The usefulness of recordkeepers’ participant websites depends on the participant base, Lander says. “I have been surprised at what a differentiator the websites have become during the RFP process,” she says. Some recordkeepers have a site that works better for sponsors with a savvy work force that feels comfortable utilizing sophisticated tools that let them devise a holistic financial plan. Other providers’ sites fit better with sponsors that want to present their employees with a simpler, more visual interface and an ability to drive home straightforward action steps for retirement readiness.

Assessing the participant experience that recordkeepers offer means looking at a range of nitty-gritty details, too. When he helps sponsors evaluate RFPs, Feitelberg utilizes tools including a system from his broker/dealer (B/D), LPL; in addition to providing data such as peer-group plan expenses and benefits, it also compares recordkeepers’ services. The system has data about vendors including the speed of their participant loan turnaround and the average hold time for a call to the provider’s participant call center.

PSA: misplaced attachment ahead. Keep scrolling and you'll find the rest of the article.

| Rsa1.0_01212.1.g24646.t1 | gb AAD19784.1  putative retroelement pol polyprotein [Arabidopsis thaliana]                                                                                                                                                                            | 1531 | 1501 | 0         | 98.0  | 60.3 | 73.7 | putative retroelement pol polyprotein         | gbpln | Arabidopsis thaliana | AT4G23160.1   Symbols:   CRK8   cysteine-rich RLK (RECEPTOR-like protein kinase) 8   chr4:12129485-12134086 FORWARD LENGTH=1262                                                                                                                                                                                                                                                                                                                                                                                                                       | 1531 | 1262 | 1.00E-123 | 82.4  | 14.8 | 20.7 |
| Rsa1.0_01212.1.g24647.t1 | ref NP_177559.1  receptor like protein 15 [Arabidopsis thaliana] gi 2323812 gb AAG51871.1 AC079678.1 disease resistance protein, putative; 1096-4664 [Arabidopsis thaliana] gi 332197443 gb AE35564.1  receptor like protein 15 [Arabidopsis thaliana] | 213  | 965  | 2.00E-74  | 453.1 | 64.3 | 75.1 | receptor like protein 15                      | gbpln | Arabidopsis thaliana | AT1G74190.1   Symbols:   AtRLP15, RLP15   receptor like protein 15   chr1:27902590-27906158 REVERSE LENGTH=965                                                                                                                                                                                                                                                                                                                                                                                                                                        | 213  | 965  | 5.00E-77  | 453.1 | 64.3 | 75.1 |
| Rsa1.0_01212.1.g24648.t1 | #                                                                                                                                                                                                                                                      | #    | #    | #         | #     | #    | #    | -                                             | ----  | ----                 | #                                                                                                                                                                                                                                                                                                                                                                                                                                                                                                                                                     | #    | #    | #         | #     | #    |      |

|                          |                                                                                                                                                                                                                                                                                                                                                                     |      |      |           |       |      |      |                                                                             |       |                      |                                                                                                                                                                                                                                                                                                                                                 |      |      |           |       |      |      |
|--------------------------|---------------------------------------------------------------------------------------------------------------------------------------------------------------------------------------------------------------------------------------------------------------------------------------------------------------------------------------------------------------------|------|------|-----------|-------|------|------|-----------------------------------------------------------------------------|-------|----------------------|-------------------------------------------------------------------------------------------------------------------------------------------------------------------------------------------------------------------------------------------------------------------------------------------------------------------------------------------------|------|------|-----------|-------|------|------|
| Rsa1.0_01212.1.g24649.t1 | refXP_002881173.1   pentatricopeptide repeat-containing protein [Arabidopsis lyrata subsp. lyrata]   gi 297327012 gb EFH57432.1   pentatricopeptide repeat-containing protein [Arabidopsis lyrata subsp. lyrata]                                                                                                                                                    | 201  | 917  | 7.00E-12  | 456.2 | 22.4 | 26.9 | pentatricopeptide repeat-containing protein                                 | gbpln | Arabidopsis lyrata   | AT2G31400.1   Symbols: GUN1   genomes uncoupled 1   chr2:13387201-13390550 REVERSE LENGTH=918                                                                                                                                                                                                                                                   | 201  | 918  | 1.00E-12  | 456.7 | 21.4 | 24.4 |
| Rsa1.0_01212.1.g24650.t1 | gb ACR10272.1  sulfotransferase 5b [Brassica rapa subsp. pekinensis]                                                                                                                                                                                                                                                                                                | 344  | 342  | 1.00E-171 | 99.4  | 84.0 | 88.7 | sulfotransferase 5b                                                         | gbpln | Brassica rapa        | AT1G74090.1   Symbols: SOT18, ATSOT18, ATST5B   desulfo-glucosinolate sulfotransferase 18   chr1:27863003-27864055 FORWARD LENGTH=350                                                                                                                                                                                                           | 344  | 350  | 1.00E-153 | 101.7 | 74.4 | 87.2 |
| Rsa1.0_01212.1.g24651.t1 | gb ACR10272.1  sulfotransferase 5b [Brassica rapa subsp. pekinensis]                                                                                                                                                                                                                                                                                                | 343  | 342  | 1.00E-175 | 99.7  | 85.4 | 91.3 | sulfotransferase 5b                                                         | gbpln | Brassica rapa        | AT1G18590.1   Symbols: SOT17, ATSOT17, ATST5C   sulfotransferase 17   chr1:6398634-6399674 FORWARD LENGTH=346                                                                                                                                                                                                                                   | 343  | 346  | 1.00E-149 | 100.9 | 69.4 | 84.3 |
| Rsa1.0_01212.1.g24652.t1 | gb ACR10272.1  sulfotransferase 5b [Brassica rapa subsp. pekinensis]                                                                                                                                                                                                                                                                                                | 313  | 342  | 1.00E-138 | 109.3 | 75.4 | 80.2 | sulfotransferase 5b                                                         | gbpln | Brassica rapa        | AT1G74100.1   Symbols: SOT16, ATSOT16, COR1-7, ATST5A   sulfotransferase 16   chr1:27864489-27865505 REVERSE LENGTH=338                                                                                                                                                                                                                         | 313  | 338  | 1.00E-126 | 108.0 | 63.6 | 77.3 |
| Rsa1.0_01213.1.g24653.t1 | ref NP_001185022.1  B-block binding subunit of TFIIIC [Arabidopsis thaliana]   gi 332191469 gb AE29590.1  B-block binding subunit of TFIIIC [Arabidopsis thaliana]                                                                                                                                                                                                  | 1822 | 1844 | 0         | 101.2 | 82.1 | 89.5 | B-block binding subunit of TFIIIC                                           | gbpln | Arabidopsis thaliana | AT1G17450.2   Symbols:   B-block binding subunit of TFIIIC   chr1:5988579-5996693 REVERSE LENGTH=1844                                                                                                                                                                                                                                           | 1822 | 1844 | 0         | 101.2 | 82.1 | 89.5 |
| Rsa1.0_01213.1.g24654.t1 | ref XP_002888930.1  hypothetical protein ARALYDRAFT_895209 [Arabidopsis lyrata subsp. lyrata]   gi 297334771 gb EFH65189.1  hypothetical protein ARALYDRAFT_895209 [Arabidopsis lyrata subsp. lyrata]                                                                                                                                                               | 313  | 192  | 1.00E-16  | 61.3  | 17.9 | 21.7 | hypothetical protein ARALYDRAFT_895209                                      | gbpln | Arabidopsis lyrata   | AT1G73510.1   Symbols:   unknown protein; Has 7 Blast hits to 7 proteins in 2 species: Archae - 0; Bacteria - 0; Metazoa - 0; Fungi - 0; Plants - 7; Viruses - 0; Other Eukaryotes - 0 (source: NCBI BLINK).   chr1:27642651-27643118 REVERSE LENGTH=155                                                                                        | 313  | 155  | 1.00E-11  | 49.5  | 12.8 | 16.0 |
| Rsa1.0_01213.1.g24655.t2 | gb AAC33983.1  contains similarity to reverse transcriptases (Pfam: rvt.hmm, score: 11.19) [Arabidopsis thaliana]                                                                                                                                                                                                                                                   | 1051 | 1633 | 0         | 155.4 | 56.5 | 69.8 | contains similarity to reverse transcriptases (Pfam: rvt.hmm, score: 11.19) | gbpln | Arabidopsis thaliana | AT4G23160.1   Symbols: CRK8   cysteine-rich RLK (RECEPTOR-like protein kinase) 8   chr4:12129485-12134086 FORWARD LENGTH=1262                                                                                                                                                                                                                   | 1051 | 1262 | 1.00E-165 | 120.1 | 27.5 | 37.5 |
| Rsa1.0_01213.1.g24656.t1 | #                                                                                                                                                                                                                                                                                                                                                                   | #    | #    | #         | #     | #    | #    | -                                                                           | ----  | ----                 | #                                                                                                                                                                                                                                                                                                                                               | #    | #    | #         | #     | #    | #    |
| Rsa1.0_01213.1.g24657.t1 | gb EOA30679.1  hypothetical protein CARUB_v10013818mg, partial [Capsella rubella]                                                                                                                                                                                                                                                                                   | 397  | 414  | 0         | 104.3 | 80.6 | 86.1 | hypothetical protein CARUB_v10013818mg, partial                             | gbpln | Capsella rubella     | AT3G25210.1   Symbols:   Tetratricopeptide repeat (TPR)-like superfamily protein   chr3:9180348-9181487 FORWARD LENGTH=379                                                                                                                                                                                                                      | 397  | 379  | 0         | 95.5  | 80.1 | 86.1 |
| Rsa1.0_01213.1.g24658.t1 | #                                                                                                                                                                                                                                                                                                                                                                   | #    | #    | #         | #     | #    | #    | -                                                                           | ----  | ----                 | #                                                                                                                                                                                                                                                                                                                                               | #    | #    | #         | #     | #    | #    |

Fee allocation. Re-contracting plan sponsors increasingly want to eliminate or minimize revenue sharing and move more to explicit administrative fees, Bremen says. That trend already has started moving down-market from the larger plans, he adds.
“My clients have become increasingly uncomfortable about the allocation of fees, and that’s driving many searches,” Lander observes. She says that when looking at RFP responses, she finds that providers’ approaches to allocating fees can differ substantially, as their ability and willingness to do fee levelization or fee equalization differentiates them.

• Sponsor resources.
Over the past few years, many recordkeepers’ sponsor websites have changed significantly, Kerry says. “Providers have added much more in terms of prescriptive analytics and how they mine plan data and present it to the plan sponsor,” he says. “They are able to more easily identify who’s on track and who is not on track for a successful retirement, measured against replacement income.” But recordkeepers’ data-mining abilities and their willingness to do that analysis proactively for sponsors differs, he says.